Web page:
A week after capturing the Hanomag, Major was once again alone on reconnaissance patrol in the dense forests around the French town of Bernieres when he stumbled into an eight-man squad of Waffen-SS troops — the toughest soldiers the Germans could field. Again, Major instantly erupted into action with his Sten Gun while the snarling SS tore and shattered the bushes and trees surrounding him with their MP-44s. Major dropped seven of the SS without taking any wounds and laid a killing burst on the eighth one, but not fast enough to stop the German from arming and flinging a white-phosphorus grenade — which exploded at Major’s feet.
Dazed and bleeding, Major stumbled back to the Canadian lines with horrific burns along his face, his arm, and his side, and all sight was lost forever in his left eye. His commanders insisted that he had done more than his fair share for the Canadian War Effort (only ten days beyond D-Day!) and offered to send him home to Canada with an Honorable Discharge, but Major refused outright — protesting that, as long as he had one good eye to shoot with, he would not abandon his comrades and would see the war to its end.
Already a big, brawny man, Leo Major now went into battle wearing a pirate’s eyepatch, making his appearance that much more fearsome — to friend and foe alike.
Following the collapse of Axis resistance in northern France in August 1944 after the Allied breakout from the Normandy beachheads, the Canadian Army was issued the dubious honor of clearing the German-held seaports along the North Sea coast in Nazi-occupied Belgium and Holland (the so-called “Cinderella Campaign”) while the main American and British Armies bashed it out with the mobile armored Wehrmacht formations inland. Leo Major’s unit took part in the Battle of the Scheldt, where the Allies aimed to capture the vital Belgian port of Antwerp; the battle became one of the longest and bloodiest the Canadian Army ever faced.
This was where Major pulled off yet another audacious stunt: capturing 93 German soldiers single-handedly.
Pictured: Canadian troops process German prisoners captured by Leo Major.
For his actions, Major’s commanders recommended him for the Distinguished Conduct Medal, which he sternly declined after being informed that none other than Field-Marshal Bernard Montgomery (one of the senior-most Allied Commanders-in-Chief) was to be the officer presenting him with the medal.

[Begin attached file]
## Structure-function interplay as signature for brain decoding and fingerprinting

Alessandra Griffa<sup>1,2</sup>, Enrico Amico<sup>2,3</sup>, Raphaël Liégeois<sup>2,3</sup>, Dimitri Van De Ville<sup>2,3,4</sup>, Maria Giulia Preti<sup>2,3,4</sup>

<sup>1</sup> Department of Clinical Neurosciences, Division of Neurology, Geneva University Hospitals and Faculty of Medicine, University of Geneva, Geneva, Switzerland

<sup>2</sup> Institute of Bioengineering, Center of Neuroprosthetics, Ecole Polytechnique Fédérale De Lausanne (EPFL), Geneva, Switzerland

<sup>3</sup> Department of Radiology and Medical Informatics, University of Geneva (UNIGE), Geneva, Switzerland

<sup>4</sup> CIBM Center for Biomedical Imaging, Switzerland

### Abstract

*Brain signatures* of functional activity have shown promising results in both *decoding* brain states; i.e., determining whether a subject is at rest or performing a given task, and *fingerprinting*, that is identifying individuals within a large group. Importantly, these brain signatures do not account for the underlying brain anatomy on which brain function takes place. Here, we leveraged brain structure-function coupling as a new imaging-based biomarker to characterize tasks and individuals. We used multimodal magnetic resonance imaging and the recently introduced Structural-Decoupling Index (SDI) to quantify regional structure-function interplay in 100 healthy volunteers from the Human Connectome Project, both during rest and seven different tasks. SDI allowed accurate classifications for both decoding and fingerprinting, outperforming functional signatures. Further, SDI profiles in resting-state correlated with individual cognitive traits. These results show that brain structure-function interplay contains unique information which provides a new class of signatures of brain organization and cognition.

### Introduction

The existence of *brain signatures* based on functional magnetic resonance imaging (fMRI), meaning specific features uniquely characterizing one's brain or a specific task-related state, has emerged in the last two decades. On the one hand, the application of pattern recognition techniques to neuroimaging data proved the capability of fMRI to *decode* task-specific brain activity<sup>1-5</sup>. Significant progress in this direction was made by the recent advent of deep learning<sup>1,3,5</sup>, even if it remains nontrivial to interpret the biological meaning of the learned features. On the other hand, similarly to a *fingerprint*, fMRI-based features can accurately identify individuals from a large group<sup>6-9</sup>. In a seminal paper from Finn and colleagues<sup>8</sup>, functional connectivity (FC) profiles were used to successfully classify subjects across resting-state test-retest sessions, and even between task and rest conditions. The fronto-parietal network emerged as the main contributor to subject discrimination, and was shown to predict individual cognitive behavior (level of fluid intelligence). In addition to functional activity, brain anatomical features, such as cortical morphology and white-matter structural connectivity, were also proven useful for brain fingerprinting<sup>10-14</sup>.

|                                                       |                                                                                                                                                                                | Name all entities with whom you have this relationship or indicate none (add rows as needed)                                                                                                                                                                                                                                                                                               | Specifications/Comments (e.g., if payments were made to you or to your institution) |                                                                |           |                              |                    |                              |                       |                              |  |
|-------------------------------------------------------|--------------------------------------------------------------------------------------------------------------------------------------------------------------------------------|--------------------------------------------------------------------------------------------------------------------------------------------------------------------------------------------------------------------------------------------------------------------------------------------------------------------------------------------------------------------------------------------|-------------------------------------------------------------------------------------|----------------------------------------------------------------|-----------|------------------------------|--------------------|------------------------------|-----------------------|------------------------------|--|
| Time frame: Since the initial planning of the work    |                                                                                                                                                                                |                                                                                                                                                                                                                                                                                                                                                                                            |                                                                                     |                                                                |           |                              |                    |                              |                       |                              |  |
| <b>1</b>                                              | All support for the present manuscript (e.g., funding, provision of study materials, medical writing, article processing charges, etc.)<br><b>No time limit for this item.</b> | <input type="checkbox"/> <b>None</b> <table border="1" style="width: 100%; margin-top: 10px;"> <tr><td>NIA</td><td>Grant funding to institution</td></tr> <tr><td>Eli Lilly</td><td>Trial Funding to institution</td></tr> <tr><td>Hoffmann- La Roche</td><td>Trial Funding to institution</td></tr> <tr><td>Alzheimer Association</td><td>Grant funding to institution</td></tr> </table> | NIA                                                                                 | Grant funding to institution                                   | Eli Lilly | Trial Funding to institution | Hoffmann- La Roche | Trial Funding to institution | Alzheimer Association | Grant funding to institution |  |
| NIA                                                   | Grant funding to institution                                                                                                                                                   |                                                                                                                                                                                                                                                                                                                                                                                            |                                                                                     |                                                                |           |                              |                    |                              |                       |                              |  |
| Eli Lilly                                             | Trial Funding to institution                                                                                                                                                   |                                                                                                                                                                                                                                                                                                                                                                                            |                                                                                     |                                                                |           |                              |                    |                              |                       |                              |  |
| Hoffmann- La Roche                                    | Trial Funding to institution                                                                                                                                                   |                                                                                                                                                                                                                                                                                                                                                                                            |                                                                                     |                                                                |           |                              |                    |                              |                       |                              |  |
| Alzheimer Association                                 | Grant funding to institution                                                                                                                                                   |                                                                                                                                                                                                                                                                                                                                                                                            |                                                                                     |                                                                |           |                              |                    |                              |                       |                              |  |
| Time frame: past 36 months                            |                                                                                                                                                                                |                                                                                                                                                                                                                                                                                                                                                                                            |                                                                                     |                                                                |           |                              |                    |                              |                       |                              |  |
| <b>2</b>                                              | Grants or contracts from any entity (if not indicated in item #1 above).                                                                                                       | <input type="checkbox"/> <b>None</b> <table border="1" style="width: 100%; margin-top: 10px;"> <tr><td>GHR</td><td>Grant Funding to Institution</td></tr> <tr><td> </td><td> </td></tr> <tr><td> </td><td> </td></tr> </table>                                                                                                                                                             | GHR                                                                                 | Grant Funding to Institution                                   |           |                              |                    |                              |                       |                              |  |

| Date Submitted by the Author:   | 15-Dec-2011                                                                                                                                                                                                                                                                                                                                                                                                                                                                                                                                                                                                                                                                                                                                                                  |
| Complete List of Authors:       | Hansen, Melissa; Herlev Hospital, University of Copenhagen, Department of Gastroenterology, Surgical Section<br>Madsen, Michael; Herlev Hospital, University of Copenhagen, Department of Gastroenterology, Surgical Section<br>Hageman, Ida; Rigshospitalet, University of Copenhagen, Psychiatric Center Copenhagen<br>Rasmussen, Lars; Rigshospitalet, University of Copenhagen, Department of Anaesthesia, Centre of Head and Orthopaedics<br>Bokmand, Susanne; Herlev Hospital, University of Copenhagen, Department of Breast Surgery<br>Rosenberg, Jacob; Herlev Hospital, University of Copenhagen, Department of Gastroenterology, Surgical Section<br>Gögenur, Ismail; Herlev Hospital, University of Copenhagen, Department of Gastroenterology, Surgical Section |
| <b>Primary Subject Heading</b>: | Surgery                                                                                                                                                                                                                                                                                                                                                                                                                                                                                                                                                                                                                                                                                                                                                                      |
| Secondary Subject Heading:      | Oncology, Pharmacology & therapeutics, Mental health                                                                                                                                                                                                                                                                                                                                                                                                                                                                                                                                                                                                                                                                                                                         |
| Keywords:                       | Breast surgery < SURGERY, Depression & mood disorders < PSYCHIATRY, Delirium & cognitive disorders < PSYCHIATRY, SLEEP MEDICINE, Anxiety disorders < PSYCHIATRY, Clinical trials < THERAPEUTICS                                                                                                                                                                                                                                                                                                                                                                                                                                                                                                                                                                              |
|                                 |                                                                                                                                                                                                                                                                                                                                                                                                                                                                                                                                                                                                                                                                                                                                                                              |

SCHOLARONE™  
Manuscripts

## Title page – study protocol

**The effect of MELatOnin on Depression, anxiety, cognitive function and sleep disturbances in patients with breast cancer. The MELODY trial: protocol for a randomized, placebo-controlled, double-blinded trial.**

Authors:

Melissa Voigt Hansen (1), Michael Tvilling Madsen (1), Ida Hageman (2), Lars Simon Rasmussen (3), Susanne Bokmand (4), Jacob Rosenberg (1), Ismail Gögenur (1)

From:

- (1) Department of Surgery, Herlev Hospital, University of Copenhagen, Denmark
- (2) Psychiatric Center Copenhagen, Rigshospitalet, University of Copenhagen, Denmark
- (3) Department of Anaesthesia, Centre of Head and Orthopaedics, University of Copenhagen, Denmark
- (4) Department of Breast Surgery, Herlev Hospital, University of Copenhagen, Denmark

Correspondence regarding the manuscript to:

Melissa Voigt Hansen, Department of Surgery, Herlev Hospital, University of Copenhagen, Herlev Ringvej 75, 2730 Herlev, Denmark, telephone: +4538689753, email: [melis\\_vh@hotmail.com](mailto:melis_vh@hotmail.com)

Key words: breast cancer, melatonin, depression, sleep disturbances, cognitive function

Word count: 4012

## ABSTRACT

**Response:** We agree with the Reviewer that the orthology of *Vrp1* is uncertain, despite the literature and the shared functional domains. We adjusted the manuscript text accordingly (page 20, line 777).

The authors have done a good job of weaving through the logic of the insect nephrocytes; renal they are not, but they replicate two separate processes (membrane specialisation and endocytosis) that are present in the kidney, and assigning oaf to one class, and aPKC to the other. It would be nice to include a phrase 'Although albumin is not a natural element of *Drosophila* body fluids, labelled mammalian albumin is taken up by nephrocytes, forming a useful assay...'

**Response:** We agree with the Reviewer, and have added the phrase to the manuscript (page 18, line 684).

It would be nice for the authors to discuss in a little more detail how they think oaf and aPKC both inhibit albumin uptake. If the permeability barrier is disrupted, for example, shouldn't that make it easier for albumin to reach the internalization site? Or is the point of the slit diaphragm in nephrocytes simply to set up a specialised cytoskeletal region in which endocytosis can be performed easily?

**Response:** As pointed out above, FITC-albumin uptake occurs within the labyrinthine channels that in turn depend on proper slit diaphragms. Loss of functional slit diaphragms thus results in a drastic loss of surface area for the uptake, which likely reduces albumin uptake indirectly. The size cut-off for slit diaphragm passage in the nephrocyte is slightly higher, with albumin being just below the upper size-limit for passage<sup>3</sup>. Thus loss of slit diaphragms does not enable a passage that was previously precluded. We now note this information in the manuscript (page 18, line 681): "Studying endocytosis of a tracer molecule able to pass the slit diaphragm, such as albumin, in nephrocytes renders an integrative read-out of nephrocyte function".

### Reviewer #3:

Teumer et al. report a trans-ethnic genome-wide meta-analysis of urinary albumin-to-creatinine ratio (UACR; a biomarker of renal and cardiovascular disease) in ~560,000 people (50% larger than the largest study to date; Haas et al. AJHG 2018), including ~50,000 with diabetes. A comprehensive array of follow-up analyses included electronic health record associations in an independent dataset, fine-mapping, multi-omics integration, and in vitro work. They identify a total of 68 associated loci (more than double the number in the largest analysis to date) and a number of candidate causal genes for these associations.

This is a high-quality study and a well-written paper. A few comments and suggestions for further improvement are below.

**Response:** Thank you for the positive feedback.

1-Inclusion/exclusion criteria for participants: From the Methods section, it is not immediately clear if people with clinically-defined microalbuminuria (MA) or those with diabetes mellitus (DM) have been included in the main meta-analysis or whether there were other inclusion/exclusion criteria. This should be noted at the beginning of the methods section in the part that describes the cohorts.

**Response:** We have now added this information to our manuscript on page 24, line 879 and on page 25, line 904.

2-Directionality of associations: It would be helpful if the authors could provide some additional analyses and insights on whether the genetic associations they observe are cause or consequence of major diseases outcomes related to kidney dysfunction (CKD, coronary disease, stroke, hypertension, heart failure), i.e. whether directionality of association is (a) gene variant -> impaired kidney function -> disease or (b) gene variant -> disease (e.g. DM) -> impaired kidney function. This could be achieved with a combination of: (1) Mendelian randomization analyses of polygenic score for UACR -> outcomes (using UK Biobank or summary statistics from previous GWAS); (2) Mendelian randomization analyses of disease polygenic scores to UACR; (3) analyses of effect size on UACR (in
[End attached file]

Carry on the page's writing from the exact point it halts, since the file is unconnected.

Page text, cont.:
Montgomery was not universally adored by every British Commonwealth soldier under his command. Major, embittered by the heavy losses suffered by the Regiment-de-la-Chaudière by what he believed was Montgomery assigning more strategic priority to the doomed Operation Market-Garden airborne-assault and not the Battle of the Scheldt, informed his shocked superiors in no uncertain (ie. profane) terms that Montgomery was beyond incompetent and in no position to be awarding medals.
Rather than discipline the battle-hardened Canadian hero for gross insubordination, Major’s superior officers simply shrugged their shoulders, shelved away the DCM (for later, as it turned out) and let the ever-obstinate Leo Major get along with his one-man war against the Wehrmacht.
Even fighting through some of the worst combat on World War II’s Western Front with only one eye didn’t show the true depths of Leo Major’s mettle. In February 1945, Major was assisting a Military Chaplain with the recovery of the dead crewmembers of a destroyed German Tiger tank. The bodies were placed in a Bren Gun Carrier (a small armored-personnel-carrier then common to British Commonwealth forces), and Major rode along as the Chaplain delivered the Tiger’s fallen crew to Allied Graves Registration. The Bren Gun Carrier drove over a hidden anti-tank mine; the explosion broke Major’s spine in two places, and he was rushed to a field hospital in semi-conscious agony.
Again, Major’s exasperated commanding officers offered him the choice of being sent home to Canada as a celebrated hero who had done his duty. Again, Major steadfastly refused to leave his men or his unit. Again, his commanders shrugged their shoulders. Again, Major pulled off a startling recovery – and was back in the field after only a few weeks’ convalescence.